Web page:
On January 26, 2011, the U.S. Food and Drug Administration announced a potential association between saline-filled and silicone gel–filled breast implants and anaplastic large cell lymphoma (ALCL), a rare type of cancer. According to the U.S. Food and Drug Administration press release, data reviewed by the U.S. Food and Drug Administration suggested that patients with breast implants may have a very small but significant risk of ALCL in the scar capsule adjacent to the implant.1 Through a review of the scientific literature published between January of 1997 and May of 2010, 34 unique cases of ALCL in women with both saline and silicone breast implants have been identified among up to 10 million women with breast implants. Using additional information obtained from other international regulators, scientists, and breast implant manufacturers, the U.S. Food and Drug Administration is aware of up to a total of 60 potential cases, although confirmation is pending. The full report of the preliminary findings summarized the key findings as follows2:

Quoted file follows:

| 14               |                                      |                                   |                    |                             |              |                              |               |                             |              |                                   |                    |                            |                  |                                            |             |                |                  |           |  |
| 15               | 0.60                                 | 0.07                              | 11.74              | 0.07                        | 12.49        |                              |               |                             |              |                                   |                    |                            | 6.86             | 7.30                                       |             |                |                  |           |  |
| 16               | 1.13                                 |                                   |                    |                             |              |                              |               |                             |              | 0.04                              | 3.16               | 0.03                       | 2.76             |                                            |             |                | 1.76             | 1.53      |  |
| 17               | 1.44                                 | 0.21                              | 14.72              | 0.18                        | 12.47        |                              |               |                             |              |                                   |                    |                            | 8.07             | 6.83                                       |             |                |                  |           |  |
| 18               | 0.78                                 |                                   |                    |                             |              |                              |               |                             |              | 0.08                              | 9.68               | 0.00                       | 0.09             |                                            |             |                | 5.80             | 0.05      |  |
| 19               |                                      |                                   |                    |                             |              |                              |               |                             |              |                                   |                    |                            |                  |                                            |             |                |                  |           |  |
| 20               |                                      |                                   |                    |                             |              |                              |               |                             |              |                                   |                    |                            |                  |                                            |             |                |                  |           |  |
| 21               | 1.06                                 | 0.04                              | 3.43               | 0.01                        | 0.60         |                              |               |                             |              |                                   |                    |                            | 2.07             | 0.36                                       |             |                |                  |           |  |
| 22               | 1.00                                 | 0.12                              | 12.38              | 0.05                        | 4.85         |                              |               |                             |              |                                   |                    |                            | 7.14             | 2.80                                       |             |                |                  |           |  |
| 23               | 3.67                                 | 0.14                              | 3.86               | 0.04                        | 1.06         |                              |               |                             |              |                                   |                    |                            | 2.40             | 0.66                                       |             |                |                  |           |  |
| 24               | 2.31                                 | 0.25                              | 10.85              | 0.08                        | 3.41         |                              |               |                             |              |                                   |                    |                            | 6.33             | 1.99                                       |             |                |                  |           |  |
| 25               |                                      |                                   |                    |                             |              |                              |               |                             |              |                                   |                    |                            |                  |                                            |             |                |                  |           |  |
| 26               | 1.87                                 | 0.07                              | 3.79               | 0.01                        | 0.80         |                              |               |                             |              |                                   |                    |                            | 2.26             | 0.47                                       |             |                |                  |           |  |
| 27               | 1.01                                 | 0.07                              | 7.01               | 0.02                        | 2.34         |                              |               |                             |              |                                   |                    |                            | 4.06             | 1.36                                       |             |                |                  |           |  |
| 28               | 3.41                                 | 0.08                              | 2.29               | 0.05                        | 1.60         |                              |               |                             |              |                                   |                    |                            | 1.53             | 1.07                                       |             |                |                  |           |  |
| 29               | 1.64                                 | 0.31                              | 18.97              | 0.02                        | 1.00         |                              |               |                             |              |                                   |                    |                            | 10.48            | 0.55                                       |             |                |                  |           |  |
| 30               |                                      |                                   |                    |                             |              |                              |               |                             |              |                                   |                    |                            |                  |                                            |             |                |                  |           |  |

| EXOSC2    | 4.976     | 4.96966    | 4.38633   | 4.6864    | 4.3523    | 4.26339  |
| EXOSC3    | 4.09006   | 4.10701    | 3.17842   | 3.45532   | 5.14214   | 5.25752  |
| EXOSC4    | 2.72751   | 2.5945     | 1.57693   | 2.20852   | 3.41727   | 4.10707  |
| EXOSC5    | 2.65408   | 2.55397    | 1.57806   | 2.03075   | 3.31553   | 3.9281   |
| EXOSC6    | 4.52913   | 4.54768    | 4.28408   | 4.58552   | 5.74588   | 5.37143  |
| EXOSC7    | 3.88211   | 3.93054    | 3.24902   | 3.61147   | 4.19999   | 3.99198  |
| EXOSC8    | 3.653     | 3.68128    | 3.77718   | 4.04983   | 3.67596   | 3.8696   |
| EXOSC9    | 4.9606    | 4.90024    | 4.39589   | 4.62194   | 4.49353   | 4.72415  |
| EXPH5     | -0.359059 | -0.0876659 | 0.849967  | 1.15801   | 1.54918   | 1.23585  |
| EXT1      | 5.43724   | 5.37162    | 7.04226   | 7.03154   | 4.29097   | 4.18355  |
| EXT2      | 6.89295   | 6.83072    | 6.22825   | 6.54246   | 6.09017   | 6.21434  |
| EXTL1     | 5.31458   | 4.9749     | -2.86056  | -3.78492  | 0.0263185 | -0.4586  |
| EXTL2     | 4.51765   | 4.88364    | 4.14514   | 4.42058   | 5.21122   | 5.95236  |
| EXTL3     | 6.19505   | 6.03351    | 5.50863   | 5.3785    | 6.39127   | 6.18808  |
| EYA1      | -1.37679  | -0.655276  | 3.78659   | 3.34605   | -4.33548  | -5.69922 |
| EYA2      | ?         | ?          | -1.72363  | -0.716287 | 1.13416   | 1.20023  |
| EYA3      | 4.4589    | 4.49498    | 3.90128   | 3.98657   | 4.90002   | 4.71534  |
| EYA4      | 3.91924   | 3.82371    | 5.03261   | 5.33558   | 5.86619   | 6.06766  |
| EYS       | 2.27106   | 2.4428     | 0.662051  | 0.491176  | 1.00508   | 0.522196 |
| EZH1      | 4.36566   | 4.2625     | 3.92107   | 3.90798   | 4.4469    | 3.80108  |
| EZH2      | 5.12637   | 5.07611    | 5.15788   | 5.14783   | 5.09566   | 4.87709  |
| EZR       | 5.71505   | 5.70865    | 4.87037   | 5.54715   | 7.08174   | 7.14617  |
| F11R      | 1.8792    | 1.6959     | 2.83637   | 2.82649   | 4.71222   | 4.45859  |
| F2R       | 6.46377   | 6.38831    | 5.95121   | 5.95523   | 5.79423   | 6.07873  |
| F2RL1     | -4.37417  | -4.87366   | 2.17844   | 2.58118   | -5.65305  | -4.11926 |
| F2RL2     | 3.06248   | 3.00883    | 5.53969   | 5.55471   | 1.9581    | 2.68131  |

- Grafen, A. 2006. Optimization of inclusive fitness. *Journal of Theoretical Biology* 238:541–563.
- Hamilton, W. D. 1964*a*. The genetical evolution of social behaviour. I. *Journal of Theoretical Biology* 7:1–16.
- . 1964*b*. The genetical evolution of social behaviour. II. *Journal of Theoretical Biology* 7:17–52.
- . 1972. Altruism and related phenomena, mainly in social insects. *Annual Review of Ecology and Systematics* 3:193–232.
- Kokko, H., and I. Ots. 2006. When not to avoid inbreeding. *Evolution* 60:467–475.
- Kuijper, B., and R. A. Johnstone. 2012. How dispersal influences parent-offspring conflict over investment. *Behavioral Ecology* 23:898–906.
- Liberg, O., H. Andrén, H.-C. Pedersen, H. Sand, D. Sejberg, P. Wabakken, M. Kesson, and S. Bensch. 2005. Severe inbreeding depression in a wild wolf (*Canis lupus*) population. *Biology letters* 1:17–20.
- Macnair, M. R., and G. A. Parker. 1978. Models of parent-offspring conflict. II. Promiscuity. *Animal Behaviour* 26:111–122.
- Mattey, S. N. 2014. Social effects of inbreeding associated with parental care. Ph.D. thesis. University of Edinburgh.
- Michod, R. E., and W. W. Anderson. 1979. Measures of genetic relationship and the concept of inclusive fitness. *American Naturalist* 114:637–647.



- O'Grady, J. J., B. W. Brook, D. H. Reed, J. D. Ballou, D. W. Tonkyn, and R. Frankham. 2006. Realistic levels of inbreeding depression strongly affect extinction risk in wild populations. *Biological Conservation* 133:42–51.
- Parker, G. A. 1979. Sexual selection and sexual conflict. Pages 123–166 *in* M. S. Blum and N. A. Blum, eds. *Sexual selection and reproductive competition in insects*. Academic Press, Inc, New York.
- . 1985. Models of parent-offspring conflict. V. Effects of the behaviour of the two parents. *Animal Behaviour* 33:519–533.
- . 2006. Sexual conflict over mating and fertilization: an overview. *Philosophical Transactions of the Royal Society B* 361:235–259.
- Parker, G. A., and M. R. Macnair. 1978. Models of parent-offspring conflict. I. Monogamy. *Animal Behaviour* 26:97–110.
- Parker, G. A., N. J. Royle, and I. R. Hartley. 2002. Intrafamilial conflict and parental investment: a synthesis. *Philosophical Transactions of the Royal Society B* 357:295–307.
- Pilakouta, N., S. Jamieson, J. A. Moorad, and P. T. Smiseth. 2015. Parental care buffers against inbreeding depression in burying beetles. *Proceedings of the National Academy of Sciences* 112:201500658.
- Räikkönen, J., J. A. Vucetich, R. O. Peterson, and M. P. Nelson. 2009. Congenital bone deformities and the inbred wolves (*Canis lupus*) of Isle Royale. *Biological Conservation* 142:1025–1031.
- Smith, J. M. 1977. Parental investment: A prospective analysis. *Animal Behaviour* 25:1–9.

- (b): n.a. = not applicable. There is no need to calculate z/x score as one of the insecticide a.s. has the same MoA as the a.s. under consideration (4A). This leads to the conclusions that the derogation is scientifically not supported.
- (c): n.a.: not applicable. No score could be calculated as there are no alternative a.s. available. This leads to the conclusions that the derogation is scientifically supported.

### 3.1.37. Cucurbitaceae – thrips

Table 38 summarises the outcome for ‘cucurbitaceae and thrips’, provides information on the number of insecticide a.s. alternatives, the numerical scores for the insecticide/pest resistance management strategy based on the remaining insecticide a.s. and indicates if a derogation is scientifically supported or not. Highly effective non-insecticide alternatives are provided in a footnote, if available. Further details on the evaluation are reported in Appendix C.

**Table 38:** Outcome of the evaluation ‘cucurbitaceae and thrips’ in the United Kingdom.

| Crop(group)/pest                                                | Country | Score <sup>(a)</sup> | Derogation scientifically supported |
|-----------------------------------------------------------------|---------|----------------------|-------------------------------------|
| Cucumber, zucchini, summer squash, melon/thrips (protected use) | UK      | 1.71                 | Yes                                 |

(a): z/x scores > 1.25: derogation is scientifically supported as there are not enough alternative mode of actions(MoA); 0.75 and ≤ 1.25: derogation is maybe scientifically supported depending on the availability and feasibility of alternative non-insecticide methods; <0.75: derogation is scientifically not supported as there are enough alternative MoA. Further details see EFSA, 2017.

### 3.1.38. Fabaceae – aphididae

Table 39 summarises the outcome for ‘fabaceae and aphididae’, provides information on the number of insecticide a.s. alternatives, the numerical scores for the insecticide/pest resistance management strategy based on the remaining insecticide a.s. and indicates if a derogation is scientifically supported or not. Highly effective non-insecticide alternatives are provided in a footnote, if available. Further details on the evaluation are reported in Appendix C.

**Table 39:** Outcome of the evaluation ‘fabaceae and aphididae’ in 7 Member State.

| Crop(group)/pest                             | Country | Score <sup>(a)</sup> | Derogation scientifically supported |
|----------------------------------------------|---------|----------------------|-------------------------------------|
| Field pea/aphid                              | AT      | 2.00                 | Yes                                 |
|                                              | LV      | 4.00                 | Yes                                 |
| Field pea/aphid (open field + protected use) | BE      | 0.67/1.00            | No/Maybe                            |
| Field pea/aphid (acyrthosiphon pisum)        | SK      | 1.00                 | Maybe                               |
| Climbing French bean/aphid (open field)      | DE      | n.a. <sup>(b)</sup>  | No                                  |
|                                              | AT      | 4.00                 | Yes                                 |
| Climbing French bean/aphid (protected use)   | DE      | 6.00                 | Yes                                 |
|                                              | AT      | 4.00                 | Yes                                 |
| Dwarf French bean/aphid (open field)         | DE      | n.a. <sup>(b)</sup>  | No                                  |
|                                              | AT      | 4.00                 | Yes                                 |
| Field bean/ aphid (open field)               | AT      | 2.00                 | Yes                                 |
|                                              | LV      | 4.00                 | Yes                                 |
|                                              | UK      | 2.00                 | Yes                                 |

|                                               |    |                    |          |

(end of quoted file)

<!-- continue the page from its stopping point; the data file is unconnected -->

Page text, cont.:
1. There is a possible association between breast implants and ALCL. Based on the published case studies and epidemiologic data, the incidence of ALCL appears to be very low, but the occurrence of ALCL in patients with breast implants may not be a coincidence.
  2. It is not possible to identify a specific type of implant associated with a lower or higher risk of ALCL at this time.
  3. The true cause of ALCL in women with breast implants is not certain.

In response to this information, the American Society of Plastic Surgeons and the American Society for Aesthetic Plastic Surgery immediately issued news releases, providing a number of resources for their members and for patients. Highlights of the American Society of Plastic Surgeons/American Society for Aesthetic Plastic Surgery responses were as follows3,4: